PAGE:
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Apostille Series # 1: What is an Apostille?

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UCCIn today’s global marketplace, public documents such as birth certificates, corporate charters, patent registrations, etc. are regularly used in countries other than where they were issued. Securing proper certification for documents to be used in an international transaction can be a bewildering and cumbersome process. Over the next few weeks, we will publish a series of blog posts addressing one of the more confusing topics in public records: Apostilles and Legalization. This week we offer some background information and answer the question, “What is an Apostille?”

Before a public document can be used in a foreign country, the document’s origin needs to be authenticated. In the past, the only method for authenticating the origin of a public document was a process known as Legalization. Legalization is a painstaking and costly process that involves many steps, multiple certifications and visits to a variety of government agencies.

In 1961, a number of countries from all over the world joined in a treaty known as the Hague Convention Abolishing the Requirement of Legalization for Foreign Public Documents. The countries involved in establishing the treaty are referred to as member nations. The number of nations that are a party to the Apostille Convention has expanded greatly since 1961.

In search of a way to simplify the authentication process for documents, The Convention developed the Apostille, an international certification seal that is recognized and accepted among all founding member nations and those nations that have since become a party to the treaty. When applied to a public document, an Apostille certifies a document’s authenticity and compliance with a certain set of requirements established by The Convention and “reduces the authentication process to a single formality: the issuance of an authentication certificate by an authority designated by the country where the public document was issued. The certificate is called an Apostille” (Hague Conference on Private International Law).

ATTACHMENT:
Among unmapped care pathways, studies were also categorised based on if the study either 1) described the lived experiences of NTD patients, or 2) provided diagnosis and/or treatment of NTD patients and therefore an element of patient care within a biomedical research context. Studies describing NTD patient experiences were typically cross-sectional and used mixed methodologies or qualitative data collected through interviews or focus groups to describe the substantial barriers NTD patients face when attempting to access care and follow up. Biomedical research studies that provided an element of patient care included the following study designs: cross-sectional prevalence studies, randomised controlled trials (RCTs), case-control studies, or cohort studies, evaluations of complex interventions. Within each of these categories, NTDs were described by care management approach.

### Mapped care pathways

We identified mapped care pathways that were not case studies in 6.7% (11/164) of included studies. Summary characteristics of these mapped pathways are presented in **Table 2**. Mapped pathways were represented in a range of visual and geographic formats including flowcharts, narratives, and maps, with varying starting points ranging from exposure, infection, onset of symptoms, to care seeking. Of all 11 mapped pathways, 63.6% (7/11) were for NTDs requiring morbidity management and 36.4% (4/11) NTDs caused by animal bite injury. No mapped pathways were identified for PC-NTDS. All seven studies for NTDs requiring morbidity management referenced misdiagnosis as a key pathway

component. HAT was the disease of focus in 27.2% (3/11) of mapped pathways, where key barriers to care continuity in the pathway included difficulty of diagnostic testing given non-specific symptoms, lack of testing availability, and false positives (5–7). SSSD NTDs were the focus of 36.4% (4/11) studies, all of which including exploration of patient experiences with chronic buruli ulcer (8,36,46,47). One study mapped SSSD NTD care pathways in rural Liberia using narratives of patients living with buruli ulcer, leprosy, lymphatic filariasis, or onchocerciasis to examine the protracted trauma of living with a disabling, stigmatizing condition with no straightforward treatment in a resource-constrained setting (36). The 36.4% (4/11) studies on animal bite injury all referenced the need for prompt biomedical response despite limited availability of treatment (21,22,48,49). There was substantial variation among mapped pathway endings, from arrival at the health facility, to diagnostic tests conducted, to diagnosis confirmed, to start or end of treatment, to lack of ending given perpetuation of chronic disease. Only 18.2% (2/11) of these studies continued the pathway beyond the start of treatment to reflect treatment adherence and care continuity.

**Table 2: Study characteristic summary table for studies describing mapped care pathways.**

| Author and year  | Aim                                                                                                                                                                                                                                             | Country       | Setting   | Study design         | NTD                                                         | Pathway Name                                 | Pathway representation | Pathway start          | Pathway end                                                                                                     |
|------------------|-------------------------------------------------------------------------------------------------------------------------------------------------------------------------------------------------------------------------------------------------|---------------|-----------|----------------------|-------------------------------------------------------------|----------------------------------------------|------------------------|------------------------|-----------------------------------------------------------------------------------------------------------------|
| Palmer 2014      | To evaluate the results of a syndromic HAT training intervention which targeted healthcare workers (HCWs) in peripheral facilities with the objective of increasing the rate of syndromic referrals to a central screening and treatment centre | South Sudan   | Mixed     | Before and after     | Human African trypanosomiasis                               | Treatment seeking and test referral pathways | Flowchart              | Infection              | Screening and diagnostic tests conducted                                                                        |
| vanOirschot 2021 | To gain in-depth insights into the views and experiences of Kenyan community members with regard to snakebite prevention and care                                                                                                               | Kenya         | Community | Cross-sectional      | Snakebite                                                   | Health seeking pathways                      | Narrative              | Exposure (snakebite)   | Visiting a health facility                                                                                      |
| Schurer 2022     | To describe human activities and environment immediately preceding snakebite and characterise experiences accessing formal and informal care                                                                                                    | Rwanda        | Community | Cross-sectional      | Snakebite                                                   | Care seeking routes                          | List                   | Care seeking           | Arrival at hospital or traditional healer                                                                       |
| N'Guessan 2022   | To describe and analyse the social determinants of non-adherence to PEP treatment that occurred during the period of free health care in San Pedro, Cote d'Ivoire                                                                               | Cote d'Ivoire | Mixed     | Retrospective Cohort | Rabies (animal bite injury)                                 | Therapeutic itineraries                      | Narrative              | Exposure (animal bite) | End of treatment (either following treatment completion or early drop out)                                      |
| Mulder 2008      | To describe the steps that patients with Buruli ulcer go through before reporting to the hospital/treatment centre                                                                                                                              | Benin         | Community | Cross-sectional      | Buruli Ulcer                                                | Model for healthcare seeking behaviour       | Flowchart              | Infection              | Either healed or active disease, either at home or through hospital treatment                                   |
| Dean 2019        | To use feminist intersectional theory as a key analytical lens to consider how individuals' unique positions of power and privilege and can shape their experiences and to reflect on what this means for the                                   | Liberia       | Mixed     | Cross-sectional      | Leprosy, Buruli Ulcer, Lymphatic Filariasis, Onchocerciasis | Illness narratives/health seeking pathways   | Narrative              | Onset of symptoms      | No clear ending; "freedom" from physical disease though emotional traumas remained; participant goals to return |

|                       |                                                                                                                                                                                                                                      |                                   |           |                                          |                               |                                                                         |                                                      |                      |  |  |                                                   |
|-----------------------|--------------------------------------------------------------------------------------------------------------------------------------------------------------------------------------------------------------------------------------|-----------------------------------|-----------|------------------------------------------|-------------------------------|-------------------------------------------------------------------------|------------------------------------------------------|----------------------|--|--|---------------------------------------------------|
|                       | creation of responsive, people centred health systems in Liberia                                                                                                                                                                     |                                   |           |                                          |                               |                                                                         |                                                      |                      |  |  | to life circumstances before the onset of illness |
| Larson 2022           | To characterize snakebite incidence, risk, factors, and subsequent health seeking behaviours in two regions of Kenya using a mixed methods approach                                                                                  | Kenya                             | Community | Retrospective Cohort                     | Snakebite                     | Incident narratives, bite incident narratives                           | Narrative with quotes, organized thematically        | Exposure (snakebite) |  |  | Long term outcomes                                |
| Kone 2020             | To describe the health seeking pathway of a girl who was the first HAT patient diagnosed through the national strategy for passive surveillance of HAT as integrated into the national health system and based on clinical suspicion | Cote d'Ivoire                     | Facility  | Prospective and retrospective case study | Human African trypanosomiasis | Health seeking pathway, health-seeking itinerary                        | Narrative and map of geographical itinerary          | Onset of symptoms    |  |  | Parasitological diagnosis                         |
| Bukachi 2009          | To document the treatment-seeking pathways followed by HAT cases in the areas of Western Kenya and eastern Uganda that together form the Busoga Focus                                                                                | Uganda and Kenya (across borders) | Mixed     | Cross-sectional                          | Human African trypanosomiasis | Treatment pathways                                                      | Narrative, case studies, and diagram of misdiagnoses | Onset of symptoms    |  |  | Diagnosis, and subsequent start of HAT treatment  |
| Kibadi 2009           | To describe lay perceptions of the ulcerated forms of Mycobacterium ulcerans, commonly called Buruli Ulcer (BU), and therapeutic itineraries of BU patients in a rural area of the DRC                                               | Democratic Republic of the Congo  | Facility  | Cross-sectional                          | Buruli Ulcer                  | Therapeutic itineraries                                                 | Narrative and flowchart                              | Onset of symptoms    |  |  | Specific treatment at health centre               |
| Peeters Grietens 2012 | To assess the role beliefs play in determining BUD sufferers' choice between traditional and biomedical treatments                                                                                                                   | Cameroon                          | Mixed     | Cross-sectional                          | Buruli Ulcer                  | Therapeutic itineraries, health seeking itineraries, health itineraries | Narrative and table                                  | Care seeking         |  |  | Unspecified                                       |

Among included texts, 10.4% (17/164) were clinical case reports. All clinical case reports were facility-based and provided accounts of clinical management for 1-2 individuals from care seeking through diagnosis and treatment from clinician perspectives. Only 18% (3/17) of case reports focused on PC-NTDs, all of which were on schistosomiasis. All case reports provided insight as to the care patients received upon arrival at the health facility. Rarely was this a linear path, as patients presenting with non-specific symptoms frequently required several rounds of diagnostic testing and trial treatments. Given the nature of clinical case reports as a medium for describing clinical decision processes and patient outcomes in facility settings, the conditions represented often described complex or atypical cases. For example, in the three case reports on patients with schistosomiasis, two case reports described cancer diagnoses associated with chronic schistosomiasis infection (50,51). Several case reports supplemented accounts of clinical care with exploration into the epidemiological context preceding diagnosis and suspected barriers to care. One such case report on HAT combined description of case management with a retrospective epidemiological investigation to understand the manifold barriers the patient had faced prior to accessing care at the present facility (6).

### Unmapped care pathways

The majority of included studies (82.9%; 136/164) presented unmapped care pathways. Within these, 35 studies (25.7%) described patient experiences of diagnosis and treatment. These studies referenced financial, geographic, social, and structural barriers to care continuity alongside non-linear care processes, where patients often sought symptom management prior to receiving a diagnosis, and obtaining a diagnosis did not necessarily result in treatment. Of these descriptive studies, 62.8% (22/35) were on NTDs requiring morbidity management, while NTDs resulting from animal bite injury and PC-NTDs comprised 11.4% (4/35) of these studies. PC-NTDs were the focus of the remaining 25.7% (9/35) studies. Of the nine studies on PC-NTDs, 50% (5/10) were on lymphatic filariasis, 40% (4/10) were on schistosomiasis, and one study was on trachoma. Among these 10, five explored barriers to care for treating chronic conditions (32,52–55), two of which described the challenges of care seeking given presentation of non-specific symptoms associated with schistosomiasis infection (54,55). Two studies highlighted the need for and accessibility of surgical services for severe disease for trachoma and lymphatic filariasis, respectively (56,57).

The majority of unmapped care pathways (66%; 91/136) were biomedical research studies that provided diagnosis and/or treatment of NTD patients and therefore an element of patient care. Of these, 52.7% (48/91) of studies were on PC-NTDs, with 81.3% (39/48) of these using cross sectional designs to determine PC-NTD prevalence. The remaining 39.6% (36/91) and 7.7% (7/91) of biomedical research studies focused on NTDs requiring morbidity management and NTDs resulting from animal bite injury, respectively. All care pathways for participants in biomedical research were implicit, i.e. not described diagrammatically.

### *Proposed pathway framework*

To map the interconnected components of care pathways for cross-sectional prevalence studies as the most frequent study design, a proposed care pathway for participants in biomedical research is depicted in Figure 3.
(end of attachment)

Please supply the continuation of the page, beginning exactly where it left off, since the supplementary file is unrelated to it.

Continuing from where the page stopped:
Check back next week for more information on Apostilles!

Works Cited
Hague Conference on Private International Law, ABCs of Apostilles. https://assets.hcch.net/upload/abc12e.pdf

*Disclaimer

 

One thought on “Apostille Series # 1: What is an Apostille?

  1. An “Apostille” is a form of authentication issued for documents that will be used in countries that participate in the Hague Convention of 1961. Apostilles are only used to authenticate documents that will be used in another country. An Apostille may take the form of a stamp upon a document or it may be attached to the document as an allonge (a French word describing an attachment to a legal document). If an allonge is used, it is important that it NEVER be detached from the original document, to which it may be stapled, glued, or otherwise firmly attached.

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